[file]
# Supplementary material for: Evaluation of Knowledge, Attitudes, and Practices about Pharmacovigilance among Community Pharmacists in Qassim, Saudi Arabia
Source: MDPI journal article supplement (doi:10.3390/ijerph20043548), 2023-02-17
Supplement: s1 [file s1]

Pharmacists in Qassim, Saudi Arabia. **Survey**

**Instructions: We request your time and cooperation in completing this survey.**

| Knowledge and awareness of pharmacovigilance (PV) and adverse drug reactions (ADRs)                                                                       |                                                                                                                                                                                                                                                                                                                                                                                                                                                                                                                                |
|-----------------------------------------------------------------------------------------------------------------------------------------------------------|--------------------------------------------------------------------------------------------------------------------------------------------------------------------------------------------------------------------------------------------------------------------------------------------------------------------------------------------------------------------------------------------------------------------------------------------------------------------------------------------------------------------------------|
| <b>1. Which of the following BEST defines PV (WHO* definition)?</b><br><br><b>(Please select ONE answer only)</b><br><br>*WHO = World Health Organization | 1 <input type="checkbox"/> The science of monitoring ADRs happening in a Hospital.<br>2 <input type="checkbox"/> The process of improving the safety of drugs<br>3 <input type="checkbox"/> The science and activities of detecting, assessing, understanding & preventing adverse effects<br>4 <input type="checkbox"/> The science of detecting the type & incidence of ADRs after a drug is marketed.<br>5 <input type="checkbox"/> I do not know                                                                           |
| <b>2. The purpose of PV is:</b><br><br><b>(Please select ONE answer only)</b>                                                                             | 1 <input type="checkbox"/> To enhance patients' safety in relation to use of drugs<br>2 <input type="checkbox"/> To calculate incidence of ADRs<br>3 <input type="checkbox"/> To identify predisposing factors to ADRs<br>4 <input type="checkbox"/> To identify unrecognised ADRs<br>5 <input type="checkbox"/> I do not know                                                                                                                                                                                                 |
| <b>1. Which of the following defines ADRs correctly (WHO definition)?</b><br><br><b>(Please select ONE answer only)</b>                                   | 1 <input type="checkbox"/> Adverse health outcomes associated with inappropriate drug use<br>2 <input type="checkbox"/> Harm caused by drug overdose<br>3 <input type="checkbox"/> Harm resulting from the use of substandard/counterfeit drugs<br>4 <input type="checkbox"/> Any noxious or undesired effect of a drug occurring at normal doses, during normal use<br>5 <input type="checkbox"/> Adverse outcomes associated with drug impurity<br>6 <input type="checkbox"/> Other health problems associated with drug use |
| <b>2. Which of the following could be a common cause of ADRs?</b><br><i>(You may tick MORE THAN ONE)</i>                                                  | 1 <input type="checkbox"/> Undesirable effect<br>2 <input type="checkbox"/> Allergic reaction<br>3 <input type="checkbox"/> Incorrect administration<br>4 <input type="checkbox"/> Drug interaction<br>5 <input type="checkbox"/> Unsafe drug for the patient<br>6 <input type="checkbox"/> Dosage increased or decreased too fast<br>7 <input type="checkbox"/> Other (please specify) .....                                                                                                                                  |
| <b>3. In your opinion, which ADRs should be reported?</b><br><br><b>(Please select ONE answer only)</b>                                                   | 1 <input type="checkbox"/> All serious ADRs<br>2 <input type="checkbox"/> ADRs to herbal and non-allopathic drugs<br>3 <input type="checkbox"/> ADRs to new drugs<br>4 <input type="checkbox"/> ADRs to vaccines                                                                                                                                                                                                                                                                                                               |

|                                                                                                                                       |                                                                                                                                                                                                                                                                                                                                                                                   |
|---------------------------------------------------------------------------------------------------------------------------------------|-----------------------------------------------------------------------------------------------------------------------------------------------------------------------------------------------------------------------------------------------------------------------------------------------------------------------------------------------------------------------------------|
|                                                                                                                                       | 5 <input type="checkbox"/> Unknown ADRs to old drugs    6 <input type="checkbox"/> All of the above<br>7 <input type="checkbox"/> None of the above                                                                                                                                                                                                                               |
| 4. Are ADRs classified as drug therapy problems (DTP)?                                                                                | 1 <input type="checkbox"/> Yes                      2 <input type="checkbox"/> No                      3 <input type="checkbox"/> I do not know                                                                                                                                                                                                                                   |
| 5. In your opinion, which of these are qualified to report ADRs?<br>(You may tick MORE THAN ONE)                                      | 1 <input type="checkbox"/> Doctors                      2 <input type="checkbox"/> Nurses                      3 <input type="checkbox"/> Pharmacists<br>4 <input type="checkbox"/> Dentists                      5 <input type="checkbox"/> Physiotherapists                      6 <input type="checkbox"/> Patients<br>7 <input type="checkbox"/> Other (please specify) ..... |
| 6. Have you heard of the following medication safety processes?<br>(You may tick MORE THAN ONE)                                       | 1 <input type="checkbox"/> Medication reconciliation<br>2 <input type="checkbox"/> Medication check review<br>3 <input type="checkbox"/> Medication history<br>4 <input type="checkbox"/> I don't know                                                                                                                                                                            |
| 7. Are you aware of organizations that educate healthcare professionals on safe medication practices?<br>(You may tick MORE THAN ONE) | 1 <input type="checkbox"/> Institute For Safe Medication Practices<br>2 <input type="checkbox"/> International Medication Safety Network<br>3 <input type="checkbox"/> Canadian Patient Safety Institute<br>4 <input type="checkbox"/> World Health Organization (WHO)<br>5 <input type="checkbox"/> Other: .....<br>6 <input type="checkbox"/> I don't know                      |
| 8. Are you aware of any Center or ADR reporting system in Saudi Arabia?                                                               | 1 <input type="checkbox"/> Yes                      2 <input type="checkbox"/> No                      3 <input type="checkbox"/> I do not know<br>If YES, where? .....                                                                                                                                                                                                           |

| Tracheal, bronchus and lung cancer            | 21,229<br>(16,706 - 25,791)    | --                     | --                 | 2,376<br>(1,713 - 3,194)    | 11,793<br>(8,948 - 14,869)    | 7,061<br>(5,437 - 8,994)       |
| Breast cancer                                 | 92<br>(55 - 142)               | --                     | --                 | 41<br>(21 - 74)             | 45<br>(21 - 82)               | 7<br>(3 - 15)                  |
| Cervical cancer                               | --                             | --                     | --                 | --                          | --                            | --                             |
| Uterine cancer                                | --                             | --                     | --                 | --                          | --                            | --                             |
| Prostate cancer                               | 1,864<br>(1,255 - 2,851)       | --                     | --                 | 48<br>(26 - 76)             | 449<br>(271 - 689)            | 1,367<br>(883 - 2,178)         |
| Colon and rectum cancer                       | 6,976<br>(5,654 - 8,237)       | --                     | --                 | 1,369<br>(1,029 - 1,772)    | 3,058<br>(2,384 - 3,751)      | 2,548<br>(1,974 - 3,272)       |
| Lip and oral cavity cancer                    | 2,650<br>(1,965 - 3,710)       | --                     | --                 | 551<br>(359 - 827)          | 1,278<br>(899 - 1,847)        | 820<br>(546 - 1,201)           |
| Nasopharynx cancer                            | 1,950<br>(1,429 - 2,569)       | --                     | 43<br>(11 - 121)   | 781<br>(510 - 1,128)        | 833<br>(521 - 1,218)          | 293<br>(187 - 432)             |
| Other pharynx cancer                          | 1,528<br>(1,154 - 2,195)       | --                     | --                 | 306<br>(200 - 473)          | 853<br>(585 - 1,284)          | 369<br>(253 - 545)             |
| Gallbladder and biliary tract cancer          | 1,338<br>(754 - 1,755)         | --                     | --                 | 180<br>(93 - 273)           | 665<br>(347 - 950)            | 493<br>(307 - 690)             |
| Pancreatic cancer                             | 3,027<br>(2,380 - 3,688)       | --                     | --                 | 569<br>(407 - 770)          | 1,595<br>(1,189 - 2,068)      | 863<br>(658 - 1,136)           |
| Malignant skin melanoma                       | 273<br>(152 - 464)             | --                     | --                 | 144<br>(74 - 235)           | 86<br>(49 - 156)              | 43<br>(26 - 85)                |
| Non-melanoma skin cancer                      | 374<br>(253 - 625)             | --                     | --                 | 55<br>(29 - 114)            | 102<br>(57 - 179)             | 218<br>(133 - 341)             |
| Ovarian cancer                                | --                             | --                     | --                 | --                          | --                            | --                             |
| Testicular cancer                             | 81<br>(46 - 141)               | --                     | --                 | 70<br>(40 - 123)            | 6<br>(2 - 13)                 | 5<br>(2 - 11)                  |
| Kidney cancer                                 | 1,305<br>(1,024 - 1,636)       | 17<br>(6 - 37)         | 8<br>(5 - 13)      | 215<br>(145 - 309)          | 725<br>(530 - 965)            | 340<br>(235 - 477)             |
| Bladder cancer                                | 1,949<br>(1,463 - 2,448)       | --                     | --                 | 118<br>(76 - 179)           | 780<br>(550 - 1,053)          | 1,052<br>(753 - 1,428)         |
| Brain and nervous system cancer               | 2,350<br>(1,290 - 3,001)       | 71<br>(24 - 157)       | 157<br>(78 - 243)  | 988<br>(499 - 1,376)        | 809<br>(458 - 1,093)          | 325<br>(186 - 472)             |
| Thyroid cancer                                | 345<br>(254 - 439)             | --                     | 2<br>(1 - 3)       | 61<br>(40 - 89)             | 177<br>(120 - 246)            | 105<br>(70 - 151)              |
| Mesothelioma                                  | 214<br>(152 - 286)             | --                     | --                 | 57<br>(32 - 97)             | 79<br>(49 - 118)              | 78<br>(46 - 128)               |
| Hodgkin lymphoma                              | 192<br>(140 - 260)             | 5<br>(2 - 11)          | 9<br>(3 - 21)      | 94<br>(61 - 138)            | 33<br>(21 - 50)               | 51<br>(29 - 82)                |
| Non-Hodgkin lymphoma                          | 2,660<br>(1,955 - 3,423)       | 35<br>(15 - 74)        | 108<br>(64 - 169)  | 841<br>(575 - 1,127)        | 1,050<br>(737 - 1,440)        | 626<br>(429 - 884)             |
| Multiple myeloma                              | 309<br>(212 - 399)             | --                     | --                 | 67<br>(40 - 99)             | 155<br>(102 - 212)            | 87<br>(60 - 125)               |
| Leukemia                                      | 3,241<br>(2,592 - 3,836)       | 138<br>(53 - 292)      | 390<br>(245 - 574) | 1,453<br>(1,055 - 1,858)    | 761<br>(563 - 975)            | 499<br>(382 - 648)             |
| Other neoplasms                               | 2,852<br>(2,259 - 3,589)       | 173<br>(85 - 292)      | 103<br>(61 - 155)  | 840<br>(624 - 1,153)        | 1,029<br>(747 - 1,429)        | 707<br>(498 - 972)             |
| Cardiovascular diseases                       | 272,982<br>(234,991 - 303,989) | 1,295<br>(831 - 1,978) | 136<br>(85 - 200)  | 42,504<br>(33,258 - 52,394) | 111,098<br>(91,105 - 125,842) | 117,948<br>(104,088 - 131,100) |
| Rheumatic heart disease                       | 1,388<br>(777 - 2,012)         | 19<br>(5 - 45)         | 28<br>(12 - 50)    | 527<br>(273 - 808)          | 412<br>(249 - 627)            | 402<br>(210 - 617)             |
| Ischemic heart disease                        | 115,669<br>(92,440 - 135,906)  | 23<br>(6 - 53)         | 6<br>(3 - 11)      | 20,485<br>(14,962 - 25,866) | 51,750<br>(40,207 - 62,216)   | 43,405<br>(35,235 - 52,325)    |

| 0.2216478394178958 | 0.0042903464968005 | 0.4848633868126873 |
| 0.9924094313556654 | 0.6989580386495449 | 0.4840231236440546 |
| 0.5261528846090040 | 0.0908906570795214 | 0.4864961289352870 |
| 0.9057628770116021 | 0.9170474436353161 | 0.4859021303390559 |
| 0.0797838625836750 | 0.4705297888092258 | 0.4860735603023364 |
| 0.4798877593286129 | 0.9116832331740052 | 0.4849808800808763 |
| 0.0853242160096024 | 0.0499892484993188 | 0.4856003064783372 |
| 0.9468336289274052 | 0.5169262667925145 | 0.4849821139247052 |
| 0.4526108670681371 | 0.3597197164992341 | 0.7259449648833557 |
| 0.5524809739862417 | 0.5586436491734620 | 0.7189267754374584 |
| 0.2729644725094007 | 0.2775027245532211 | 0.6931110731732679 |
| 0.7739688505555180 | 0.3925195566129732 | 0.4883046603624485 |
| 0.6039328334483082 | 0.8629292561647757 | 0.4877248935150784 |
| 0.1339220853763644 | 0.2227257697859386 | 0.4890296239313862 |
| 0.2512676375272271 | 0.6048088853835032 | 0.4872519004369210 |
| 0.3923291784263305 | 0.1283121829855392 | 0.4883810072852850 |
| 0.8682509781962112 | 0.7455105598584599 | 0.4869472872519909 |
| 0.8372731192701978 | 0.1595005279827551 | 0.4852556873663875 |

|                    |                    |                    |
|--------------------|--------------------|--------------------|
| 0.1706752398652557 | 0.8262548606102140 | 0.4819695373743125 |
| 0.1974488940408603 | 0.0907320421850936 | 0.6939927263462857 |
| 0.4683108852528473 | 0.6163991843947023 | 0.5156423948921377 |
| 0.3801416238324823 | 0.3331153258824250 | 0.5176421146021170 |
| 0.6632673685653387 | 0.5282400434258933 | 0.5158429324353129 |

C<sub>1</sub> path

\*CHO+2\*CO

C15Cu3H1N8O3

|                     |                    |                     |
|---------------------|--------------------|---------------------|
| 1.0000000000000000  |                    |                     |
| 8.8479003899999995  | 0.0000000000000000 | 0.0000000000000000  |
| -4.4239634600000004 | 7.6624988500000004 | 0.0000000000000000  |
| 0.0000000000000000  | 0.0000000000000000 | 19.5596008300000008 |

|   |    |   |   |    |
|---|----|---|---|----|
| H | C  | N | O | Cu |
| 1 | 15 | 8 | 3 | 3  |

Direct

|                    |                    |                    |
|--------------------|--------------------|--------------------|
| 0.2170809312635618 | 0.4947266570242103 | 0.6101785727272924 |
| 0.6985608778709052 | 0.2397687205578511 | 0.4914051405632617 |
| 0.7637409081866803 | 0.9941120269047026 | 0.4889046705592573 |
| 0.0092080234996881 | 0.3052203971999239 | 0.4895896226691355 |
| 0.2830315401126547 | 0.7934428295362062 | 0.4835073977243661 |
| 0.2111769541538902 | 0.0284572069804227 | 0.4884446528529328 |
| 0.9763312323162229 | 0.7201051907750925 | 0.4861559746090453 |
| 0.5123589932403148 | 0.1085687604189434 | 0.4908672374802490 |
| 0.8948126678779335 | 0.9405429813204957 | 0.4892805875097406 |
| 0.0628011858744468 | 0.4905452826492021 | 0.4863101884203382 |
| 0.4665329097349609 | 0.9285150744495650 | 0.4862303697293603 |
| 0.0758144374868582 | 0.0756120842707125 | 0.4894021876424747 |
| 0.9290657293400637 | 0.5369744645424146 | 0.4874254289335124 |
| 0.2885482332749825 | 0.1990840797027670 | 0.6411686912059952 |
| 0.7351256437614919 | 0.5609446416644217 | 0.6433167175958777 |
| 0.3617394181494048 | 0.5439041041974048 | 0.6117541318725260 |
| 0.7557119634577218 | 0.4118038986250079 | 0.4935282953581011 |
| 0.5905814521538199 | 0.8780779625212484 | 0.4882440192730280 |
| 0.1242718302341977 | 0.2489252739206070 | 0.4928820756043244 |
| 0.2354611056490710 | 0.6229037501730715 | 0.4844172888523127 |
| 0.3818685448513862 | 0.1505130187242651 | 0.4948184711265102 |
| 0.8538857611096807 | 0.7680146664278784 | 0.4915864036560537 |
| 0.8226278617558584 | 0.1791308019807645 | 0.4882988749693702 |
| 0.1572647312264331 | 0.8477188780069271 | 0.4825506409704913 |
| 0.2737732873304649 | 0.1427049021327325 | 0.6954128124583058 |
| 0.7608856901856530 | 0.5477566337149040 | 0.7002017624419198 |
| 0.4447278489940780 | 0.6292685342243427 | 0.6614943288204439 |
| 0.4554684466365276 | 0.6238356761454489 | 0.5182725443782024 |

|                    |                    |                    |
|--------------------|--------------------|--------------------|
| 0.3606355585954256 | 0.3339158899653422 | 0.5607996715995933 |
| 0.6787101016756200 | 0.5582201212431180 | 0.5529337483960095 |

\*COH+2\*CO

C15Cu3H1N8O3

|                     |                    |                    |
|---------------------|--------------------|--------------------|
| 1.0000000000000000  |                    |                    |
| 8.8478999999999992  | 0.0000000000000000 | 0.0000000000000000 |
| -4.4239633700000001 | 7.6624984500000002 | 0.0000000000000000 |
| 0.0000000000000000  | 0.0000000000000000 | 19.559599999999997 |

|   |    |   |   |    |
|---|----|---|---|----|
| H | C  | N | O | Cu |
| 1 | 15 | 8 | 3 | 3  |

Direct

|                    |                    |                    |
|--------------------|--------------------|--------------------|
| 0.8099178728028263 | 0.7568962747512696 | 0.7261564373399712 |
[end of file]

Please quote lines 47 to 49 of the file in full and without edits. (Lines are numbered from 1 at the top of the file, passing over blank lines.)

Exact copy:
| Rheumatic heart disease                       | 1,388<br>(777 - 2,012)         | 19<br>(5 - 45)         | 28<br>(12 - 50)    | 527<br>(273 - 808)          | 412<br>(249 - 627)            | 402<br>(210 - 617)             |
| Ischemic heart disease                        | 115,669<br>(92,440 - 135,906)  | 23<br>(6 - 53)         | 6<br>(3 - 11)      | 20,485<br>(14,962 - 25,866) | 51,750<br>(40,207 - 62,216)   | 43,405<br>(35,235 - 52,325)    |

| 0.2216478394178958 | 0.0042903464968005 | 0.4848633868126873 |